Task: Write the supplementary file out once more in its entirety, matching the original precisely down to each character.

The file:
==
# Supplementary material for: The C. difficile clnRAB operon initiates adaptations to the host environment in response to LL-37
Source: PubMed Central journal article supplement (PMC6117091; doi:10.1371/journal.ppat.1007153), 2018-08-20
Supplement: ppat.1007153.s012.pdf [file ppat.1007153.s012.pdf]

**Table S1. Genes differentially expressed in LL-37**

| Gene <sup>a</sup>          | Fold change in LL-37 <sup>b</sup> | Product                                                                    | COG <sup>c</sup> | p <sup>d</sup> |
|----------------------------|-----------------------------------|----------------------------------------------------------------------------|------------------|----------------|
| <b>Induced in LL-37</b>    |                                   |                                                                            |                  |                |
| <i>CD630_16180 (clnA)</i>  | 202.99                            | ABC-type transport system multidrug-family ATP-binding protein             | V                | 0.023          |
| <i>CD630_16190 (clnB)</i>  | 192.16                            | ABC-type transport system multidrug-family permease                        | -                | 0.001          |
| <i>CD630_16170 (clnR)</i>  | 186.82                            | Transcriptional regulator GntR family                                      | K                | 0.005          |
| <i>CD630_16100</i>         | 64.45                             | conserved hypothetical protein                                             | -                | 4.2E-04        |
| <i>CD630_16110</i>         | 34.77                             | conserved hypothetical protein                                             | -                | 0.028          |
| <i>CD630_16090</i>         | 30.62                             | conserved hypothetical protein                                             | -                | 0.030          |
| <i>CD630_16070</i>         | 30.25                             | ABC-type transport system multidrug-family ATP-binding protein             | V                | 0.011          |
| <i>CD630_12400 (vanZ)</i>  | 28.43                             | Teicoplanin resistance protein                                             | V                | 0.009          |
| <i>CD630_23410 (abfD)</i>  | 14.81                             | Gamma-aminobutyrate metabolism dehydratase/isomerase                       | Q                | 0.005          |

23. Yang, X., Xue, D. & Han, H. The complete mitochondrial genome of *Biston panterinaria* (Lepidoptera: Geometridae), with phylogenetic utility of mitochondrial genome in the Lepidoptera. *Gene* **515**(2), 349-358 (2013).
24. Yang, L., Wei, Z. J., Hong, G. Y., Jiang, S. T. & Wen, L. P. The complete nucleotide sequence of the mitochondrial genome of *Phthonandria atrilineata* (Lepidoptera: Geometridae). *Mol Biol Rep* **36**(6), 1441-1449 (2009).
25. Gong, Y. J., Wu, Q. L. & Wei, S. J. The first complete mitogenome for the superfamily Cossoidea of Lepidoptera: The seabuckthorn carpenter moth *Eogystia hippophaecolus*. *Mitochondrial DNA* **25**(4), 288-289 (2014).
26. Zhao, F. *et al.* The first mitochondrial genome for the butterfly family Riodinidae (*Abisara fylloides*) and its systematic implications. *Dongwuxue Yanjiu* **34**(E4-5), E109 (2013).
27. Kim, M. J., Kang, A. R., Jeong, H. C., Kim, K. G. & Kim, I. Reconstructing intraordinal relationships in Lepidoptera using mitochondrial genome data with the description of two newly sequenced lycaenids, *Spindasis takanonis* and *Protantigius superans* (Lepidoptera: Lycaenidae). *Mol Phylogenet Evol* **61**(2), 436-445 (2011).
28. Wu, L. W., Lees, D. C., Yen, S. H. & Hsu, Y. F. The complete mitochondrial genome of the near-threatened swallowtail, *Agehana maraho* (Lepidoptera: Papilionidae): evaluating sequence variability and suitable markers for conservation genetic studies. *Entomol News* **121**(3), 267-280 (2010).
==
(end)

# Supplementary material for: The C. difficile clnRAB operon initiates adaptations to the host environment in response to LL-37
Source: PubMed Central journal article supplement (PMC6117091; doi:10.1371/journal.ppat.1007153), 2018-08-20
Supplement: ppat.1007153.s012.pdf [file ppat.1007153.s012.pdf]

**Table S1. Genes differentially expressed in LL-37**

| Gene <sup>a</sup>          | Fold change in LL-37 <sup>b</sup> | Product                                                                    | COG <sup>c</sup> | p <sup>d</sup> |
|----------------------------|-----------------------------------|----------------------------------------------------------------------------|------------------|----------------|
| <b>Induced in LL-37</b>    |                                   |                                                                            |                  |                |
| <i>CD630_16180 (clnA)</i>  | 202.99                            | ABC-type transport system multidrug-family ATP-binding protein             | V                | 0.023          |
| <i>CD630_16190 (clnB)</i>  | 192.16                            | ABC-type transport system multidrug-family permease                        | -                | 0.001          |
| <i>CD630_16170 (clnR)</i>  | 186.82                            | Transcriptional regulator GntR family                                      | K                | 0.005          |
| <i>CD630_16100</i>         | 64.45                             | conserved hypothetical protein                                             | -                | 4.2E-04        |
| <i>CD630_16110</i>         | 34.77                             | conserved hypothetical protein                                             | -                | 0.028          |
| <i>CD630_16090</i>         | 30.62                             | conserved hypothetical protein                                             | -                | 0.030          |
| <i>CD630_16070</i>         | 30.25                             | ABC-type transport system multidrug-family ATP-binding protein             | V                | 0.011          |
| <i>CD630_12400 (vanZ)</i>  | 28.43                             | Teicoplanin resistance protein                                             | V                | 0.009          |
| <i>CD630_23410 (abfD)</i>  | 14.81                             | Gamma-aminobutyrate metabolism dehydratase/isomerase                       | Q                | 0.005          |

23. Yang, X., Xue, D. & Han, H. The complete mitochondrial genome of *Biston panterinaria* (Lepidoptera: Geometridae), with phylogenetic utility of mitochondrial genome in the Lepidoptera. *Gene* **515**(2), 349-358 (2013).
24. Yang, L., Wei, Z. J., Hong, G. Y., Jiang, S. T. & Wen, L. P. The complete nucleotide sequence of the mitochondrial genome of *Phthonandria atrilineata* (Lepidoptera: Geometridae). *Mol Biol Rep* **36**(6), 1441-1449 (2009).
25. Gong, Y. J., Wu, Q. L. & Wei, S. J. The first complete mitogenome for the superfamily Cossoidea of Lepidoptera: The seabuckthorn carpenter moth *Eogystia hippophaecolus*. *Mitochondrial DNA* **25**(4), 288-289 (2014).
26. Zhao, F. *et al.* The first mitochondrial genome for the butterfly family Riodinidae (*Abisara fylloides*) and its systematic implications. *Dongwuxue Yanjiu* **34**(E4-5), E109 (2013).
27. Kim, M. J., Kang, A. R., Jeong, H. C., Kim, K. G. & Kim, I. Reconstructing intraordinal relationships in Lepidoptera using mitochondrial genome data with the description of two newly sequenced lycaenids, *Spindasis takanonis* and *Protantigius superans* (Lepidoptera: Lycaenidae). *Mol Phylogenet Evol* **61**(2), 436-445 (2011).
28. Wu, L. W., Lees, D. C., Yen, S. H. & Hsu, Y. F. The complete mitochondrial genome of the near-threatened swallowtail, *Agehana maraho* (Lepidoptera: Papilionidae): evaluating sequence variability and suitable markers for conservation genetic studies. *Entomol News* **121**(3), 267-280 (2010).